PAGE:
American Galen Rupp, who tried to keep up with the early pace, also ran into trouble dropping off the lead pack as South Africa’s veteran Stephen Mokoka, 36, too went in for the early shower at 30.6km.
Kipchoge – coached throughout his stellar career by Barcelona 1992 Olympic steeplechase silver medallist Patrick Sang – appeared quite comfortable, bouncing along on the green line (that indicates the shortest road distance) in cruise control on his Nike Zooms.
The chasing pack featured Nageeye, Abdi, Spain’s Ayad Lamdassem and Kenya’s Lawrence Cherono with the third Kenyan, 2019 World Championships bronze medallist Amos Kipruto, running into trouble after 33 kilometres and withering off the pace.
Kipchoge’s splits were: 15 minutes, 19 seconds (5km), 30:53 (10km), 46:04 (15km), 1:01:47 (20km), 1:05:15 (21km), 1:17:24 (25km), 1:32:31 (30km), 1:46:59 (35km) and 2:01:55 (40km).
It was an agonising finish for Cherono and his legion of fans, the Boston and Chicago marathon champion outsprinted to the podium by training partners Nageeye and Abdi with the finish line in sight.
Kipchoge said he hoped his victory will inspire the future generation of runners.
“I think I have fulfilled the legacy by winning the marathon for the second time, back-to-back. I hope now to help inspire the next generation,” Kipchoge said.
But the G.O.A.T. wouldn’t be drawn into speculating his future, the world record holder his philosophical self in responding: “I am a believer of the philosophy that you should only chase one rabbit. If you chase two, then you can not get all of them.
Athletes run inside the Hokkaido University area while competing in the men’s marathon final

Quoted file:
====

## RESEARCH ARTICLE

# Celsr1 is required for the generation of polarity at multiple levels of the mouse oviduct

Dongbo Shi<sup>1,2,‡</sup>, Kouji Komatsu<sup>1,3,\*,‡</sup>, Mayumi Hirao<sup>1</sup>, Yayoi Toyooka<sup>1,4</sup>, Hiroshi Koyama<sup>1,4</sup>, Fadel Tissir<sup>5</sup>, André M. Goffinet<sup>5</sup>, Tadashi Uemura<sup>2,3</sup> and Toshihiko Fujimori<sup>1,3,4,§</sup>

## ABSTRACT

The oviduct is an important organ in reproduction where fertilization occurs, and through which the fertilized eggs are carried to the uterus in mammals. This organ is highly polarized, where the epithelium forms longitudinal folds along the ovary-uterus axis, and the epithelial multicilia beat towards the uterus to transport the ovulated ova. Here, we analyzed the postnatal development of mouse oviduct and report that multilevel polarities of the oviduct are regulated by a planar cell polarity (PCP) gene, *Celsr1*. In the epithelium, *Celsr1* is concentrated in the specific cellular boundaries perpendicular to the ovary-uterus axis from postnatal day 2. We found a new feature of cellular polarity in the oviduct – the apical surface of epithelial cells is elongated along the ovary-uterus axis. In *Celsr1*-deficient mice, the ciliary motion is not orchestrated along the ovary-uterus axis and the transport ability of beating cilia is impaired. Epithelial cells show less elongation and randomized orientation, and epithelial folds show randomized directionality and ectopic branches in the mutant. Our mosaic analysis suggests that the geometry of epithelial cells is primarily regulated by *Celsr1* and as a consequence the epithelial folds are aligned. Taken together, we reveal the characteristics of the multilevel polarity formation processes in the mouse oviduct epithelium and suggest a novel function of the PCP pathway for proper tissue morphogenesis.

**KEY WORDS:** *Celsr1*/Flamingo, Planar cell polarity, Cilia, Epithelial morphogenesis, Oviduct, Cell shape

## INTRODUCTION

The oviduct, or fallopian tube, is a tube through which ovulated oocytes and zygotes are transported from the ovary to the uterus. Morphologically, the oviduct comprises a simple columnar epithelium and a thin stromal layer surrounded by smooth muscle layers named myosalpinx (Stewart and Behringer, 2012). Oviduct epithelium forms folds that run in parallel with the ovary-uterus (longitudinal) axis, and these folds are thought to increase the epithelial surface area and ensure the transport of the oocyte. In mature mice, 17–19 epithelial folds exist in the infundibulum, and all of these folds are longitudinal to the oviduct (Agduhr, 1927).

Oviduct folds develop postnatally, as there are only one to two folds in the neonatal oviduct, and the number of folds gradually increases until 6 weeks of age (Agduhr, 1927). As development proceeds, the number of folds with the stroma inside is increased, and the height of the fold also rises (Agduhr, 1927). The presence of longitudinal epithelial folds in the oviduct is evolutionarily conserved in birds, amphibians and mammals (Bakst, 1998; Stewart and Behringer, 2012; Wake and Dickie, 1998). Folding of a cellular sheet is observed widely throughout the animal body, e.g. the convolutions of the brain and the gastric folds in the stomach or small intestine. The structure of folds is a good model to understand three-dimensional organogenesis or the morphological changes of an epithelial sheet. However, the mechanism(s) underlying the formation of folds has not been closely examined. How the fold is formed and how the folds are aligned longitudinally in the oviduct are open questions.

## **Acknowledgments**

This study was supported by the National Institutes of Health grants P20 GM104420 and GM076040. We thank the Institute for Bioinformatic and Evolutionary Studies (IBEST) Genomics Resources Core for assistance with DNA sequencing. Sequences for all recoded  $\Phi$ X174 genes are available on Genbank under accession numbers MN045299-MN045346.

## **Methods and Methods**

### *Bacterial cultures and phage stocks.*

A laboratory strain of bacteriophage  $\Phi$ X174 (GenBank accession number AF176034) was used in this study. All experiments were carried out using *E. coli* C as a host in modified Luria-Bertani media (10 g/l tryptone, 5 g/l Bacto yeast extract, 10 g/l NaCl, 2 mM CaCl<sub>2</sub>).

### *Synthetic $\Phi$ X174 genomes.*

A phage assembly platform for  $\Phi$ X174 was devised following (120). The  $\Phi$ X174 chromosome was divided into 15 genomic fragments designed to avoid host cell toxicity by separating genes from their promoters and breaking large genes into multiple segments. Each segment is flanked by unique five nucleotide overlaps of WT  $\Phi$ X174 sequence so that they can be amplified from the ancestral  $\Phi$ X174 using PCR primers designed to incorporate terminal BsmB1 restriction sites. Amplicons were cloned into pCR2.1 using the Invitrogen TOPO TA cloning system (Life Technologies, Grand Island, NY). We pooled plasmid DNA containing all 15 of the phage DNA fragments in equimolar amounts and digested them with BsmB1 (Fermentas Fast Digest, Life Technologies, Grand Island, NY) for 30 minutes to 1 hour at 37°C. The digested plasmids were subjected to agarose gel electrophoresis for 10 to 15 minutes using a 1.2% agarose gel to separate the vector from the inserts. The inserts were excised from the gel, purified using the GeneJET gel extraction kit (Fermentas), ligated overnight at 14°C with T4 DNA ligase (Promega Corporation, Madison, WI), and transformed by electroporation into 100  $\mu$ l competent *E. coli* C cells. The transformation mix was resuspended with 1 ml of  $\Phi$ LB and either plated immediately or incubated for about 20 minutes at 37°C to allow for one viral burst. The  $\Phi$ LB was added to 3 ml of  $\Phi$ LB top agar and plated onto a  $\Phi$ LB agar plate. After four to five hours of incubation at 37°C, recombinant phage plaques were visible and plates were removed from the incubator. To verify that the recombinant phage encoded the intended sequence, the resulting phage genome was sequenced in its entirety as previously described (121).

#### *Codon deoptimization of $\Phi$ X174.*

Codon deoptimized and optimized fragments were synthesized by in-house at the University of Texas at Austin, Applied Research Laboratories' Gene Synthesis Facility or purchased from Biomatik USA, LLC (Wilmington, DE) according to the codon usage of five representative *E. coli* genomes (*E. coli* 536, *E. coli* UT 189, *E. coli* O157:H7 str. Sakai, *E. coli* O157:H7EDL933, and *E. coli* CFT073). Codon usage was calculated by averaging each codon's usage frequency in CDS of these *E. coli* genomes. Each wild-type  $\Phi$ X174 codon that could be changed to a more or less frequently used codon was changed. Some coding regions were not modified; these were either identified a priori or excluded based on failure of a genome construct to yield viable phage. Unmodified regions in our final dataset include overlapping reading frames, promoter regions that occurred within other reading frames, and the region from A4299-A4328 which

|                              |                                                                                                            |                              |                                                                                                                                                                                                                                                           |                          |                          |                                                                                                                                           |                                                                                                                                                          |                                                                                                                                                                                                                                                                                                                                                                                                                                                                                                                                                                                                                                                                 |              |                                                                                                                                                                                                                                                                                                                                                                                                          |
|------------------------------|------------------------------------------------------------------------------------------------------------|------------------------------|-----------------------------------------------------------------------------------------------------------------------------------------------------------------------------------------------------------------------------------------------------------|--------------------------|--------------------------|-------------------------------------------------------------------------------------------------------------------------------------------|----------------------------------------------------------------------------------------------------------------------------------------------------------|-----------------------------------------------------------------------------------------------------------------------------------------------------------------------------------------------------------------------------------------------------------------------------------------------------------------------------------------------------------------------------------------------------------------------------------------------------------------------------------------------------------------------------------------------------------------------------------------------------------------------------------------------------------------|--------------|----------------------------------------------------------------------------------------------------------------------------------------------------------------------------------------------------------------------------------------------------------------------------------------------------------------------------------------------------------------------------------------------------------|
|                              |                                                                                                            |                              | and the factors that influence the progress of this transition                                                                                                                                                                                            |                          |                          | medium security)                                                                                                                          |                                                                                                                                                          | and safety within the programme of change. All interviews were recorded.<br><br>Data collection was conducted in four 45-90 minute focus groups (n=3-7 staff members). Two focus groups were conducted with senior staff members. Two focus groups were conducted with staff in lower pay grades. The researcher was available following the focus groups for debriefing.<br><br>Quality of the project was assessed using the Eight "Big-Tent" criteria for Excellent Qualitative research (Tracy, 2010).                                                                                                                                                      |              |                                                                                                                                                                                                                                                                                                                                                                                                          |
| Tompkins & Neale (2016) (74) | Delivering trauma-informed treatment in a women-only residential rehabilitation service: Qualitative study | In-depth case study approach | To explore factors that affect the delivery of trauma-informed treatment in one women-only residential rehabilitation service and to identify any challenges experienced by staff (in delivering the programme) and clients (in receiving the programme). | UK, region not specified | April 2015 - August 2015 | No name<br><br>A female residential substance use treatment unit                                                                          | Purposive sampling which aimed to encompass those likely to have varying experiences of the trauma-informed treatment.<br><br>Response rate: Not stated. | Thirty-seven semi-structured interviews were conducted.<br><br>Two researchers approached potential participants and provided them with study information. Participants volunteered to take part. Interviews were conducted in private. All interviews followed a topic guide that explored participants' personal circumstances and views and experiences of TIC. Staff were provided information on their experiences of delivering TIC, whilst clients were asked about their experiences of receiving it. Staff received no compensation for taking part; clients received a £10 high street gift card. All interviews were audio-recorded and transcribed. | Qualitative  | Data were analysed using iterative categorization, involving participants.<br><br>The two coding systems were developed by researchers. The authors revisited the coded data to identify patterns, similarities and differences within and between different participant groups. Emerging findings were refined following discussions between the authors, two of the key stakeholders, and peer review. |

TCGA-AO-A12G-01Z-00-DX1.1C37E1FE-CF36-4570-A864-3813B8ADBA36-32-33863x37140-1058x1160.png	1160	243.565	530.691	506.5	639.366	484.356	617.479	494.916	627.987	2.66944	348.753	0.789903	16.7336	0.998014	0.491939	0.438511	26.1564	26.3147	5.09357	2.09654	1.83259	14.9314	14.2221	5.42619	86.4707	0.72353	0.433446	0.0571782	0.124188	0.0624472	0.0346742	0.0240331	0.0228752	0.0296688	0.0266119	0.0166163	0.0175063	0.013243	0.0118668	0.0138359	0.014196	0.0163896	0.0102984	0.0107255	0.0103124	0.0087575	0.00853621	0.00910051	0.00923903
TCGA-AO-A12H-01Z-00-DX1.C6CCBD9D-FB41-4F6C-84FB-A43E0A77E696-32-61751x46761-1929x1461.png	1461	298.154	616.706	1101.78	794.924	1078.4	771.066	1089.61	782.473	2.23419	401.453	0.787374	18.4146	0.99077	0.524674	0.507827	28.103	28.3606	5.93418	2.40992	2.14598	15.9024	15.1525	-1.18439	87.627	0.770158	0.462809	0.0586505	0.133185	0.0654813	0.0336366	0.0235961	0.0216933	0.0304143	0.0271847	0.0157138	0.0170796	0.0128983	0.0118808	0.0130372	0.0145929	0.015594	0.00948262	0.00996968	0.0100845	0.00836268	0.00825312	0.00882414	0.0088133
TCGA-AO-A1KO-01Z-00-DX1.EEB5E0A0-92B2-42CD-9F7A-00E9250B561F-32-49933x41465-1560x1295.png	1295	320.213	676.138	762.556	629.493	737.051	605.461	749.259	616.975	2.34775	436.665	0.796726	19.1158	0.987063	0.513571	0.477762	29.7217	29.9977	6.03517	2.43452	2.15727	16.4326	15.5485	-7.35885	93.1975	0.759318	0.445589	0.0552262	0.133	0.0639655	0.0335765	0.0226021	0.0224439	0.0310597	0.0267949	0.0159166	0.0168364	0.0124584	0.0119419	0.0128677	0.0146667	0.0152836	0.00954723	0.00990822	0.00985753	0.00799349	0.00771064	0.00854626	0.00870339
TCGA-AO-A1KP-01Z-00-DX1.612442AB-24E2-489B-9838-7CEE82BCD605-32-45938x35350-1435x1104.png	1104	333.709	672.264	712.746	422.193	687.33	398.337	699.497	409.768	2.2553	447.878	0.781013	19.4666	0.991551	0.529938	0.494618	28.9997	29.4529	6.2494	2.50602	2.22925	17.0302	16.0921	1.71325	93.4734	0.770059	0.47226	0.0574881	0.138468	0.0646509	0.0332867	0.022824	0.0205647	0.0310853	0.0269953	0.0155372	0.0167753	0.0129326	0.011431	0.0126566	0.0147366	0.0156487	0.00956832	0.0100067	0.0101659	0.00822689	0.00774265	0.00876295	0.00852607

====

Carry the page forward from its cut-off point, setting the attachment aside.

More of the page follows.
Athletes run inside the Hokkaido University area while competing in the men’s marathon final during the Tokyo 2020 Olympic Games in Sapporo on August 8, 2021.
“For the last two years I have been focusing on the Tokyo Olympic Games 2020, so I will only plan the next thing when there is a big job ahead of me.”
It was Kipchoge’s fourth appearance at the Olympics, his first two being as a track athlete.
In 2004, he won bronze in Athens in the 5,000m (13:15.10) – then as world champion – before earning silver four years later in Beijing, also in the 5,000m (13:02.80).
“It means a lot for me, especially at this time. It was really hard last year, when it (Olympic Games) was postponed. I am happy for the local organising committee who made this race happen.
“It is a sign that shows the world we are heading in the right direction – we are on the right transition to a normal life.
“I can say congratulations to them that they made this Olympics happen.”
Speaking in his final press conference at the Main Press Centre in Tokyo on Sunday, World Athletics President Seb Coe described Kipchoge as a hero both inside and outside of athletics.
“Eliud Kipchoge is a hero. He’s a hero to millions and millions of people, and it goes way beyond athletics,” Coe, himself a former Olympic middle distance champion and world record holder, said.
“You’ve only got to see the emotional appeal that he has – and I’ve seen this close at hand when he’s been in running communities,” Coe said.
The World Athletics boss also noted that Kipchoge’s INEOS 1:59 run in Vienna, in 2019 in which the Kenyan became the first man to break the two-hour barrier in the marathon, was an important landmark in athletics.
“The two-hour barrier was a massive moment in our sport – although it wasn’t in a competitive race but it was still one of those big moments.
“I’m delighted that he has probably got towards the end of his career with another Olympic title under his belt, and I think he thoroughly deserves it.”
Benjamin Njoga, Kenya’s track and field team manager at these Games, said Kipchoge’s victory was an excellent way to close the Olympics.
“Eliud has done us proud! What a way to conclude the Olympics!,” Njoga said. – nation.co.ke